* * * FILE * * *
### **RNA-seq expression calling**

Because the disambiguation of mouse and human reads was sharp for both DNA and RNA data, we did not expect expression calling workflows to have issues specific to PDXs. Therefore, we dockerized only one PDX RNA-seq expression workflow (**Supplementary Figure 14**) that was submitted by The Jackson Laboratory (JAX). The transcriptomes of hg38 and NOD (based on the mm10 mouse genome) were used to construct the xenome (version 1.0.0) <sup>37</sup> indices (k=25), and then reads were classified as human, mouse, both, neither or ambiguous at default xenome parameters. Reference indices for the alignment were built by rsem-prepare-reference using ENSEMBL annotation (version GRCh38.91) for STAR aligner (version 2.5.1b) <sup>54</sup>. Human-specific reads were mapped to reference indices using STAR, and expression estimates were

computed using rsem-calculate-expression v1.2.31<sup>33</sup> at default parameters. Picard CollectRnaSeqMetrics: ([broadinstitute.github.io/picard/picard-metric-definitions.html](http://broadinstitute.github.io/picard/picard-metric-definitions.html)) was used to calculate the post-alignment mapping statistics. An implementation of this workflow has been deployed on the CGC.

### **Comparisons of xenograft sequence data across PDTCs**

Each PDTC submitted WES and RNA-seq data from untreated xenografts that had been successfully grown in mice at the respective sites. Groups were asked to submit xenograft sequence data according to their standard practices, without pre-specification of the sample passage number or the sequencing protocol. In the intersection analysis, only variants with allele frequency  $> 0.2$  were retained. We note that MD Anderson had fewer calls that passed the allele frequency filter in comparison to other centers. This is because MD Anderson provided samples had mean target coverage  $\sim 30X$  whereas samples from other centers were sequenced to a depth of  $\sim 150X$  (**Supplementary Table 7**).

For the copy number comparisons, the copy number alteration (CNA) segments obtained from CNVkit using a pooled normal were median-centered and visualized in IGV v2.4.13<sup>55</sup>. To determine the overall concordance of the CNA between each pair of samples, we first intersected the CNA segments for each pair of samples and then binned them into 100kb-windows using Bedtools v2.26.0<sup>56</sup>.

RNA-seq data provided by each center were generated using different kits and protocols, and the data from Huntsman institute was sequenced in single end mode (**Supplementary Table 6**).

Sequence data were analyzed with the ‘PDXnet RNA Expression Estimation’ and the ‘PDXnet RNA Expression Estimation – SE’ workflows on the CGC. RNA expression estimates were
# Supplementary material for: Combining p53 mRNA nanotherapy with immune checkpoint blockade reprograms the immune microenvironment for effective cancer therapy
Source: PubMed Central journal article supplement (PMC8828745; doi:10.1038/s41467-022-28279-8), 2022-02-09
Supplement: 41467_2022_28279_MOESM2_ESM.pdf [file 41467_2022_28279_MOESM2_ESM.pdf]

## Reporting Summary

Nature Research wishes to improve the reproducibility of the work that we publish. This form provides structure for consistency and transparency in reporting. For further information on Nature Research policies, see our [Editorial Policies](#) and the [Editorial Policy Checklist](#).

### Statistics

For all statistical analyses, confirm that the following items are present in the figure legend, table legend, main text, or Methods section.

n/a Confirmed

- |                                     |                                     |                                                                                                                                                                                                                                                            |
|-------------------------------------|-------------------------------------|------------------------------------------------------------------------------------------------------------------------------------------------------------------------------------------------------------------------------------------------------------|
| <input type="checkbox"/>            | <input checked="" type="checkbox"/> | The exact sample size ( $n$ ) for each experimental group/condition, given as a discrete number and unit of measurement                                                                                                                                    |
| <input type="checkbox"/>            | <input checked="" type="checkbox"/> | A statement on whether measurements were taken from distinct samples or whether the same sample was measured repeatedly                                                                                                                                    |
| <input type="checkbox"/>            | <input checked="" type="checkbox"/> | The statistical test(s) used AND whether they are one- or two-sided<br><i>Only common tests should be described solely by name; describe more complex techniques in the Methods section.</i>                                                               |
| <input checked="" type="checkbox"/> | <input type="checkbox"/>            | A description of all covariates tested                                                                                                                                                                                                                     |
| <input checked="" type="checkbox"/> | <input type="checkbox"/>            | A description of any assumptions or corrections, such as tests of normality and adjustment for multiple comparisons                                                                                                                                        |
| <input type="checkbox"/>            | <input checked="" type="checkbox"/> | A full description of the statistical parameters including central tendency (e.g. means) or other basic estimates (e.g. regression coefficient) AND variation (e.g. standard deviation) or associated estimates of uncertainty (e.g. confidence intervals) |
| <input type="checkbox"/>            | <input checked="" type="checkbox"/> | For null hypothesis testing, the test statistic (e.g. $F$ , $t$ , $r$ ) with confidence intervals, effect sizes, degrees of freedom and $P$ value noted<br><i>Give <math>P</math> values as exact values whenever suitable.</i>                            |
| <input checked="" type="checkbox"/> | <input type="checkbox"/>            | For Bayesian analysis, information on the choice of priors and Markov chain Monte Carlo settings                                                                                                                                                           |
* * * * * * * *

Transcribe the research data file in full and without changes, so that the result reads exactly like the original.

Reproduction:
### **RNA-seq expression calling**

Because the disambiguation of mouse and human reads was sharp for both DNA and RNA data, we did not expect expression calling workflows to have issues specific to PDXs. Therefore, we dockerized only one PDX RNA-seq expression workflow (**Supplementary Figure 14**) that was submitted by The Jackson Laboratory (JAX). The transcriptomes of hg38 and NOD (based on the mm10 mouse genome) were used to construct the xenome (version 1.0.0) <sup>37</sup> indices (k=25), and then reads were classified as human, mouse, both, neither or ambiguous at default xenome parameters. Reference indices for the alignment were built by rsem-prepare-reference using ENSEMBL annotation (version GRCh38.91) for STAR aligner (version 2.5.1b) <sup>54</sup>. Human-specific reads were mapped to reference indices using STAR, and expression estimates were

computed using rsem-calculate-expression v1.2.31<sup>33</sup> at default parameters. Picard CollectRnaSeqMetrics: ([broadinstitute.github.io/picard/picard-metric-definitions.html](http://broadinstitute.github.io/picard/picard-metric-definitions.html)) was used to calculate the post-alignment mapping statistics. An implementation of this workflow has been deployed on the CGC.

### **Comparisons of xenograft sequence data across PDTCs**

Each PDTC submitted WES and RNA-seq data from untreated xenografts that had been successfully grown in mice at the respective sites. Groups were asked to submit xenograft sequence data according to their standard practices, without pre-specification of the sample passage number or the sequencing protocol. In the intersection analysis, only variants with allele frequency  $> 0.2$  were retained. We note that MD Anderson had fewer calls that passed the allele frequency filter in comparison to other centers. This is because MD Anderson provided samples had mean target coverage  $\sim 30X$  whereas samples from other centers were sequenced to a depth of  $\sim 150X$  (**Supplementary Table 7**).

For the copy number comparisons, the copy number alteration (CNA) segments obtained from CNVkit using a pooled normal were median-centered and visualized in IGV v2.4.13<sup>55</sup>. To determine the overall concordance of the CNA between each pair of samples, we first intersected the CNA segments for each pair of samples and then binned them into 100kb-windows using Bedtools v2.26.0<sup>56</sup>.

RNA-seq data provided by each center were generated using different kits and protocols, and the data from Huntsman institute was sequenced in single end mode (**Supplementary Table 6**).

Sequence data were analyzed with the ‘PDXnet RNA Expression Estimation’ and the ‘PDXnet RNA Expression Estimation – SE’ workflows on the CGC. RNA expression estimates were
# Supplementary material for: Combining p53 mRNA nanotherapy with immune checkpoint blockade reprograms the immune microenvironment for effective cancer therapy
Source: PubMed Central journal article supplement (PMC8828745; doi:10.1038/s41467-022-28279-8), 2022-02-09
Supplement: 41467_2022_28279_MOESM2_ESM.pdf [file 41467_2022_28279_MOESM2_ESM.pdf]

## Reporting Summary

Nature Research wishes to improve the reproducibility of the work that we publish. This form provides structure for consistency and transparency in reporting. For further information on Nature Research policies, see our [Editorial Policies](#) and the [Editorial Policy Checklist](#).

### Statistics

For all statistical analyses, confirm that the following items are present in the figure legend, table legend, main text, or Methods section.

n/a Confirmed

- |                                     |                                     |                                                                                                                                                                                                                                                            |
|-------------------------------------|-------------------------------------|------------------------------------------------------------------------------------------------------------------------------------------------------------------------------------------------------------------------------------------------------------|
| <input type="checkbox"/>            | <input checked="" type="checkbox"/> | The exact sample size ( $n$ ) for each experimental group/condition, given as a discrete number and unit of measurement                                                                                                                                    |
| <input type="checkbox"/>            | <input checked="" type="checkbox"/> | A statement on whether measurements were taken from distinct samples or whether the same sample was measured repeatedly                                                                                                                                    |
| <input type="checkbox"/>            | <input checked="" type="checkbox"/> | The statistical test(s) used AND whether they are one- or two-sided<br><i>Only common tests should be described solely by name; describe more complex techniques in the Methods section.</i>                                                               |
| <input checked="" type="checkbox"/> | <input type="checkbox"/>            | A description of all covariates tested                                                                                                                                                                                                                     |
| <input checked="" type="checkbox"/> | <input type="checkbox"/>            | A description of any assumptions or corrections, such as tests of normality and adjustment for multiple comparisons                                                                                                                                        |
| <input type="checkbox"/>            | <input checked="" type="checkbox"/> | A full description of the statistical parameters including central tendency (e.g. means) or other basic estimates (e.g. regression coefficient) AND variation (e.g. standard deviation) or associated estimates of uncertainty (e.g. confidence intervals) |
| <input type="checkbox"/>            | <input checked="" type="checkbox"/> | For null hypothesis testing, the test statistic (e.g. $F$ , $t$ , $r$ ) with confidence intervals, effect sizes, degrees of freedom and $P$ value noted<br><i>Give <math>P</math> values as exact values whenever suitable.</i>                            |
| <input checked="" type="checkbox"/> | <input type="checkbox"/>            | For Bayesian analysis, information on the choice of priors and Markov chain Monte Carlo settings                                                                                                                                                           |